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September 26 • Ode to Santa Fe

Day 810

We bought a new car today. I am still unemployed, my wife’s income has been significantly curtailed due to forces beyond our control, and we just bought a new car.

Whether it was new or used, purchasing an automobile — not to mention a house or other major acquisition — has always kicked me into a few days or weeks of a combination of buyer’s remorse, economic stewardship guilt, and a period of depression in there somewhere. I’ve identified this pattern, watched it recur with predictability, and continued to wonder why it happened and whether it would happen the next time.

We’re about to find out.

This experience has already taken a different tone than any similar transaction in the past. My wife and I always did this together with varying degrees of influence exerted by one or the other. Wait, that’s not right. I did buy a Nissan Pulsar once on my own, a reward for getting a new job. Two months later, my issues were so strong that I took it back and traded it in for a Suzuki Samurai, so let’s not talk about that. Besides that one time, it’s always been a joint project.

There was that other time when I took a new job in a new city and bought a new house without my wife ever seeing even a picture of it. Except for that, it’s always been a joint thing with us.

Well, there was also a mobile home — our first home — which I bought before proposing, so that doesn’t really count, but I am picking up on a strange pattern here that I did not see before.

Let’s start over.

My wife was the one with certitude that it was time for a new car. Ours was several years old and beginning to have some mechanical issues, but it was serviceable so I was content to drive it into the ground. Did I mention being unemployed? But she picked out a nice one which played to my sense of coolness and contributed to me ‘going along’ with the idea.

In the past, me ‘going along’ usually meant I would withhold my enthusiasm so I could blame her if the deal went wrong or I just later regretted it, at least one of which was very likely. But not this time.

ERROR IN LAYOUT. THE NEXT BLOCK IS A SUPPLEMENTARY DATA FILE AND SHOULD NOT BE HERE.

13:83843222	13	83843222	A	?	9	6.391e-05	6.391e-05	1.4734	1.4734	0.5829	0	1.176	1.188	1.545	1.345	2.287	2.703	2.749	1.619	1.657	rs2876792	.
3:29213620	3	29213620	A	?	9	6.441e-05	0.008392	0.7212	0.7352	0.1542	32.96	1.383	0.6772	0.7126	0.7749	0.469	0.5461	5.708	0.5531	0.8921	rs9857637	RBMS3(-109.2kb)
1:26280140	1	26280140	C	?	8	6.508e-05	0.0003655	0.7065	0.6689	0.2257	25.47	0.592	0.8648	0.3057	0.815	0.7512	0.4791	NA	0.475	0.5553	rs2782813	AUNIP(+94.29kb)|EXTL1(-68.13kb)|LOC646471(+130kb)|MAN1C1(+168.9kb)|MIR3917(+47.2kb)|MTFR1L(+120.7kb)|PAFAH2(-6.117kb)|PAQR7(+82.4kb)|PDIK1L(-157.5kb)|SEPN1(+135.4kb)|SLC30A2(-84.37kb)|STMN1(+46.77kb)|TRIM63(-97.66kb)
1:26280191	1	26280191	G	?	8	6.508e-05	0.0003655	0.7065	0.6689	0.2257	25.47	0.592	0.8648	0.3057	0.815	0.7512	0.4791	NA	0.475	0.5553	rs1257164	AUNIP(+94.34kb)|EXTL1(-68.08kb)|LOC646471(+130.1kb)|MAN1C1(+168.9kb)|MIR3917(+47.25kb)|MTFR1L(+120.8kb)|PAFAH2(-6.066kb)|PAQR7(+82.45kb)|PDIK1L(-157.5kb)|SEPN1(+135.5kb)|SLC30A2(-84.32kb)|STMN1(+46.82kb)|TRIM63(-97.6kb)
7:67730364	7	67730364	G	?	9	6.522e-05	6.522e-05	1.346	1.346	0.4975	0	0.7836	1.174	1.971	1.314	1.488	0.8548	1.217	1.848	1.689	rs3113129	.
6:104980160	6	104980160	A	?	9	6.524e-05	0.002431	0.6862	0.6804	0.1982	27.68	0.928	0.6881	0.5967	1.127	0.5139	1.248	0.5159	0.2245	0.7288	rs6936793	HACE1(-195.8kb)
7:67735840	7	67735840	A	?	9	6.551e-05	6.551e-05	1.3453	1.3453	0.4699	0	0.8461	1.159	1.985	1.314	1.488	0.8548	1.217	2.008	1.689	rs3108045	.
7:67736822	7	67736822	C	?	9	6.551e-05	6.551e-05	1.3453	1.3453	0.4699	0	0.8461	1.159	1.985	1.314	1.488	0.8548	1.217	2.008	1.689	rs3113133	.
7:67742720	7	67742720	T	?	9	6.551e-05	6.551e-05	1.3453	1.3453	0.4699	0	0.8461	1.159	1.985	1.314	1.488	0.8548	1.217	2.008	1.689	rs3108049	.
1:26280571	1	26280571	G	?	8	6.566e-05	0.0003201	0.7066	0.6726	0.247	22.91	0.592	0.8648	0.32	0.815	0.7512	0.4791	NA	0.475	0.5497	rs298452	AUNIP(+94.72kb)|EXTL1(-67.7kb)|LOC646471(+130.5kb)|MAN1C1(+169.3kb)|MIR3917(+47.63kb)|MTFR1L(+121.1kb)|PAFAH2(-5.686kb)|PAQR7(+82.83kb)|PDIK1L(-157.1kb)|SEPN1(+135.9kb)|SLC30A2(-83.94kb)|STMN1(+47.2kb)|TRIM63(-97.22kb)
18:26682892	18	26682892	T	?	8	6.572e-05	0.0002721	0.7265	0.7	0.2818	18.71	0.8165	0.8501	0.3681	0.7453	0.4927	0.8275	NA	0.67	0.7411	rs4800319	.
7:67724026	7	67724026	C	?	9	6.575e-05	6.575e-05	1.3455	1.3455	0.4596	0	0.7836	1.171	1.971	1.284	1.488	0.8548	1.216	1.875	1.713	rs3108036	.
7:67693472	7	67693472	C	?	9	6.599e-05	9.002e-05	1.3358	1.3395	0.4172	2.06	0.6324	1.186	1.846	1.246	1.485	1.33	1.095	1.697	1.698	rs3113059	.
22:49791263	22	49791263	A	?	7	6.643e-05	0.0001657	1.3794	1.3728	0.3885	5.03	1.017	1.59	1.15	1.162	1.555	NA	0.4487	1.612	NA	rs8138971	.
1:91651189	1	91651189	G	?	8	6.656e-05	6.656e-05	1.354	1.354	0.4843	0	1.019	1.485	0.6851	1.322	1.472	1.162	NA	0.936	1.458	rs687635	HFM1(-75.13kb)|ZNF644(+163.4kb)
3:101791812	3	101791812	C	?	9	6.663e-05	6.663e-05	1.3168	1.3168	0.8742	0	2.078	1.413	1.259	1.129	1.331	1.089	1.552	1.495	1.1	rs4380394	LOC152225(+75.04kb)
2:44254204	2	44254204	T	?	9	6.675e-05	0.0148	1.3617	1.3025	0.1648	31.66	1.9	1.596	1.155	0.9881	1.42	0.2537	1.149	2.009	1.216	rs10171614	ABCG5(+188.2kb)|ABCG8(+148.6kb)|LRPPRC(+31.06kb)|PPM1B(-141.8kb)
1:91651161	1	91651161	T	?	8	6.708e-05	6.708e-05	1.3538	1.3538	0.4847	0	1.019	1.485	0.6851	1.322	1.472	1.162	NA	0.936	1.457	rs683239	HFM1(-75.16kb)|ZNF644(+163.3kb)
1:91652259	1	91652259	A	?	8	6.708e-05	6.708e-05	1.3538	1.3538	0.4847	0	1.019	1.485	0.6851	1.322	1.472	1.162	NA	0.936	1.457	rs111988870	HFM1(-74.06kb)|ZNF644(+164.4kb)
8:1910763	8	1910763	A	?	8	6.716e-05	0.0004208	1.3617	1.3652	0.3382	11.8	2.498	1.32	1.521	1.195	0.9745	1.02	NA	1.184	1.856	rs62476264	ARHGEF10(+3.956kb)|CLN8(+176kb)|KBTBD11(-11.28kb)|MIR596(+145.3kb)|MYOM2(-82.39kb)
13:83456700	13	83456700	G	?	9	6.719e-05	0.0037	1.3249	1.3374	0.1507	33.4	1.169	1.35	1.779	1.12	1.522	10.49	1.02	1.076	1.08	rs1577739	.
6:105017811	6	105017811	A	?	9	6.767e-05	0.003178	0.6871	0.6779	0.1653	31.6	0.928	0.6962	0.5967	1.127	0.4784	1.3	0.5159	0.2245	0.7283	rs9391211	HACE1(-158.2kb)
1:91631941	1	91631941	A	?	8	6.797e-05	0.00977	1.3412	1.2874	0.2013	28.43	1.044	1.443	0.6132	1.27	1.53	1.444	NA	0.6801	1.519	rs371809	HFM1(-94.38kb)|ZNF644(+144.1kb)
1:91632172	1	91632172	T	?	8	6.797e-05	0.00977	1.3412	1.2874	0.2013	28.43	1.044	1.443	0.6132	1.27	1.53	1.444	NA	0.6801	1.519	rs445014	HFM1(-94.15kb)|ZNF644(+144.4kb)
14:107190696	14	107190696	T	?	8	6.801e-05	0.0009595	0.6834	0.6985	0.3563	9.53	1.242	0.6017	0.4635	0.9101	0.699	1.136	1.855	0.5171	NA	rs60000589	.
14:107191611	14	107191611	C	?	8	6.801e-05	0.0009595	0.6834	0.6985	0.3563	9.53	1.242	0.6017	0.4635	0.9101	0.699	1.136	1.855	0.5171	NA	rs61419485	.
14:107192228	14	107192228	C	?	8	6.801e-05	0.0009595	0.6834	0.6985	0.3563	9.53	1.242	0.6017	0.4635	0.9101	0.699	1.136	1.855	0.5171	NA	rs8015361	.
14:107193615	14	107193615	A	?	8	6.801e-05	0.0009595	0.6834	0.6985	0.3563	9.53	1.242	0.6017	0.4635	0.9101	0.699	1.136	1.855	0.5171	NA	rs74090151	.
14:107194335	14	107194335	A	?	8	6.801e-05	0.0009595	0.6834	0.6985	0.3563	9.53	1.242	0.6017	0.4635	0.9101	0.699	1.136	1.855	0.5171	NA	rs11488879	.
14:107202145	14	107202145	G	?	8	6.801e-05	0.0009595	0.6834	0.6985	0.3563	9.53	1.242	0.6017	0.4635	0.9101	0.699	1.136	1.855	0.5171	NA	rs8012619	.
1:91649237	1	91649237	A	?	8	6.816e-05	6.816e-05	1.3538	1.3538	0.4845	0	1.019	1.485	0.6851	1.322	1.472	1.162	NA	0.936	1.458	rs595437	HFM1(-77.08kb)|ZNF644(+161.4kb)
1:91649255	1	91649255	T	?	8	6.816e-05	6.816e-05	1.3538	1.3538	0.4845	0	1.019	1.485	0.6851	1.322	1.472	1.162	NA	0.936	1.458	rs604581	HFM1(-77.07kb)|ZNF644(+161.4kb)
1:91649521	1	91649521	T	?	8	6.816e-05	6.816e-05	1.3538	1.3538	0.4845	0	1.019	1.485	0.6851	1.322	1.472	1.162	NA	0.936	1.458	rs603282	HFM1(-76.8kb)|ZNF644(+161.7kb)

Somewhere during the test-driving and negotiating, it hit me that my wife was participating with me in a significant ‘investment,’ and it was going to take a multi-year mutual commitment to pay for it. That hit me emotionally. I think it was more of a realization than a new reality, but it humbled me to sign the papers with her that somehow reinforced her past promises that she was still in this relationship without reservations or back-up plans. We’re still married and still making deals about the future. It seems like a little thing, but it’s not; it’s a big thing.

Then the other shoe fell. As we’re waiting to take possession of our new anxiety-loaded SUV, the salesman comes back and says he messed up. It seems our car of choice had just rolled off the truck and had not yet been inspected or serviced, and all the guys that do that had gone home for the day. Looking at the schedule, it would be the day after tomorrow before it would be ready. He hoped that would be okay with us, and if it was, we just had to sign the final documents to complete the deal, then go home and try not to wreck our trade-in for two days. I said that would be fine, and we finished up the docs and came home.

That should be sending me down Regret Road at any time. Not only did I do something that always messes with my head and my self-image in very triggering ways, but I’m also not even getting the benefit of immediate gratification; I have to wait two days while wallowing in my remorse and… did I mention I’m still unemployed?

I’ll go out on a limb here and say something is different. My anxiety level is pretty low. My head is not acting like it belongs to an addict, and my wife and I are still smiling at each other. This is really strange.

Film at eleven.



I swear I'm gonna live forever

Heading back to Santa Fe

Got debts to pay in Santa Fe

It's judgement day in Santa Fe

–Bon Jovi, “Santa Fe"



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